Appletons' Cyclopædia of American Biography/Sprague, Charles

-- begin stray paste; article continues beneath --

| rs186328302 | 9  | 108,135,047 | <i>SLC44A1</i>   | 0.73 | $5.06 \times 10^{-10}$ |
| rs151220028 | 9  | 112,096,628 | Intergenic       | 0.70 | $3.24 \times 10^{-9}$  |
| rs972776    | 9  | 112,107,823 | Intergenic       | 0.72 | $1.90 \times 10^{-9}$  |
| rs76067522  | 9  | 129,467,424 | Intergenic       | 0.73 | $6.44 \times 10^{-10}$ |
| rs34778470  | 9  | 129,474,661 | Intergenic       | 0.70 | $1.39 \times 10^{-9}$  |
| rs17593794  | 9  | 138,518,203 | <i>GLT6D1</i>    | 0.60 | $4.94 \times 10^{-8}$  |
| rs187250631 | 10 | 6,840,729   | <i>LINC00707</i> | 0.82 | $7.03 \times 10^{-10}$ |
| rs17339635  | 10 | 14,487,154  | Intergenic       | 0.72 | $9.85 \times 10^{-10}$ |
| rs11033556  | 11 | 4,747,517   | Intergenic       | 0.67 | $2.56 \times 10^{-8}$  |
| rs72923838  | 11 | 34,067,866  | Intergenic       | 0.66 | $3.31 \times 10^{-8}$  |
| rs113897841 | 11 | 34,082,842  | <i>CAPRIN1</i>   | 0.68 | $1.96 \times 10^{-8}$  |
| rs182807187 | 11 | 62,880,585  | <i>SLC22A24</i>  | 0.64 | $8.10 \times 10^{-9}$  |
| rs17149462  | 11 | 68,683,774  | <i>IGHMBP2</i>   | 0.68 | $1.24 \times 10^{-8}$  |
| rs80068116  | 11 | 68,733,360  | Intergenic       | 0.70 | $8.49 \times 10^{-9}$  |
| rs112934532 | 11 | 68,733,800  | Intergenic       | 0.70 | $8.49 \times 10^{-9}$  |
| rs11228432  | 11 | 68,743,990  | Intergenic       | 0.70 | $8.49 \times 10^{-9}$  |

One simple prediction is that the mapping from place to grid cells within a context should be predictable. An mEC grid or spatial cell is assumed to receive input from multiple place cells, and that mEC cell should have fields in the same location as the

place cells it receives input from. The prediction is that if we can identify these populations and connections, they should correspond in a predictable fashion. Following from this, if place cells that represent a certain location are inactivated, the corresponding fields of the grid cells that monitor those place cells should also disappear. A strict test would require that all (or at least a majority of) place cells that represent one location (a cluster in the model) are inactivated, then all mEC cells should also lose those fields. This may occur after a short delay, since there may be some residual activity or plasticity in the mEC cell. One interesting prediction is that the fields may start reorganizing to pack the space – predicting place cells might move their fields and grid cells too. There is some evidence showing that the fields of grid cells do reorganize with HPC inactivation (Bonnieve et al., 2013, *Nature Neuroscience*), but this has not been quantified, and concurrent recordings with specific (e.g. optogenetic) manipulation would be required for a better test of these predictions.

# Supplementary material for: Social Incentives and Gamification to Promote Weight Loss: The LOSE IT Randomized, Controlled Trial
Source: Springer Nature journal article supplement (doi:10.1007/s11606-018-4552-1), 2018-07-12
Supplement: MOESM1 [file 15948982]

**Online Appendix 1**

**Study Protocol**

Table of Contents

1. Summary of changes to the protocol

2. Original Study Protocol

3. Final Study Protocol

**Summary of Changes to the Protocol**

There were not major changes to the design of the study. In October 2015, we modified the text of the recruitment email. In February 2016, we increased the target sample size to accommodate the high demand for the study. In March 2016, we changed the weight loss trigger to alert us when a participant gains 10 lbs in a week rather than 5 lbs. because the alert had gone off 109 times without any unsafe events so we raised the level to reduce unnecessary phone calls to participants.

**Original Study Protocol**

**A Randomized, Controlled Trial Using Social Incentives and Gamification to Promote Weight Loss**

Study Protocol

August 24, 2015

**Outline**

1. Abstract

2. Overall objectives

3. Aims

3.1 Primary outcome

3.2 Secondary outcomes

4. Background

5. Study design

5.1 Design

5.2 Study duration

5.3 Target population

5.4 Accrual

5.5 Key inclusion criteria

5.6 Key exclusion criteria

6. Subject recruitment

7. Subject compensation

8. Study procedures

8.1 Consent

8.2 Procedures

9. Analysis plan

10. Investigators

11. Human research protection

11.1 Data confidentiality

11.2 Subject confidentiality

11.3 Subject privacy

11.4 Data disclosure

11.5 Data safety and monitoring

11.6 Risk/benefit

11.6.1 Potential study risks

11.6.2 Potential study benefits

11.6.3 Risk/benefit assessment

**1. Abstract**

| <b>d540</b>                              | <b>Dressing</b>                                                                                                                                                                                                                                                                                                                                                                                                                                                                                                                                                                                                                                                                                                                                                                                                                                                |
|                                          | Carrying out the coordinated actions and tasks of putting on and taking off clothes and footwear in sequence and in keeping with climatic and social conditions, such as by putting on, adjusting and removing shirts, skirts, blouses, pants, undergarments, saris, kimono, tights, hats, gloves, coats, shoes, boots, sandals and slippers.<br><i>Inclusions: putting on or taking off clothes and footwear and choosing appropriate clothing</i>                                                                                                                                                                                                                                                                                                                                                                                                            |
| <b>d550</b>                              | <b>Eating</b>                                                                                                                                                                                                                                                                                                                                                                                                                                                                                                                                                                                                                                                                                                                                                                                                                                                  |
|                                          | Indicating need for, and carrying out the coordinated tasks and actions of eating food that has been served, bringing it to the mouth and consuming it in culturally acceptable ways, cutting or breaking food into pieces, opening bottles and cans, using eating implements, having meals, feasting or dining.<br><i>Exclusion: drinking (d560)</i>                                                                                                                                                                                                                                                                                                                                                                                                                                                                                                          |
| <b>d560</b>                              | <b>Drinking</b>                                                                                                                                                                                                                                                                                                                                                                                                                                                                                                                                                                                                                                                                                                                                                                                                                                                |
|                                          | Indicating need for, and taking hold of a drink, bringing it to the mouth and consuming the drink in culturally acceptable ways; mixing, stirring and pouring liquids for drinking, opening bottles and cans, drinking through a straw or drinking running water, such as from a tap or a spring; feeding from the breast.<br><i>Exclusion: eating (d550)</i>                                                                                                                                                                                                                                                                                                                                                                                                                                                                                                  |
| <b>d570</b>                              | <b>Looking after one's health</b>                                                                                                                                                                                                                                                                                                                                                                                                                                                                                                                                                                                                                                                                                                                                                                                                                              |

SPRAGUE, Charles, poet, b. in Boston, Mass., 26 Oct., 1791; d. there, 22 Jan., 1875. His father, Samuel, a native of Hingham, Mass., was one of the party that threw the tea into Boston harbor. The son was educated at the Franklin school of Boston, and at the age of ten lost the use of his left eye by an accident. In 1804 he entered mercantile life, and in 1816 was taken into partnership by his employers. In 1820 he became teller in the State bank, and on the establishment of the Globe bank in 1824 he was employed as cashier, serving there until 1865, when he retired from business. Mr. Sprague first attracted attention as a poet when he won a prize for the best prologue at the opening of the Park theatre in New York. He achieved similar success at the opening of other theatres in Philadelphia, Salem, and Portsmouth. In 1823 he obtained the prize for the best ode to be recited at the exhibition in the Boston theatre of a pageant in honor of Shakespeare, and in 1830 he pronounced an ode at the centennial celebration of the settlement of Boston. In 1829 he delivered before the Phi Beta Kappa society of Harvard a poem on “Curiosity,” which was considered his best production. Among his shorter poems are the “Ode to Shakespeare” and “Winged Worshippers.” Edwin P. Whipple says: “His prologues are the best which have been written since the time of Pope. His ‘Shakespeare Ode’ has hardly been exceeded by anything in the same manner since Gray's ‘Progress of Poesy.’ But the true power and originality of the man are manifested in his domestic pieces. ‘The Brothers,’ ‘I see Thee Still,’ and ‘The Family Meeting’ are the finest consecrations of natural affection in our literature.” There have been several collections of Mr. Sprague's writings (New York, 1841); his “Prose and Poetical Writings, revised by the Author” (Boston, 1850); and other editions (1855 and 1876). — His son, Charles James, poet, b. in Boston, Mass., 16 Jan., 1823, was educated in private schools, and became cashier of the Globe bank in 1864, serving until 1882. For many years he was curator of botany in the Boston society of natural history, and he is known among cryptogamists for his collection of lichens. He has published several lists of New England fungi. Mr. Sprague has contributed poems to journals and magazines, and has written articles for scientific papers. During the past thirty years he has translated numerous poems for part-songs.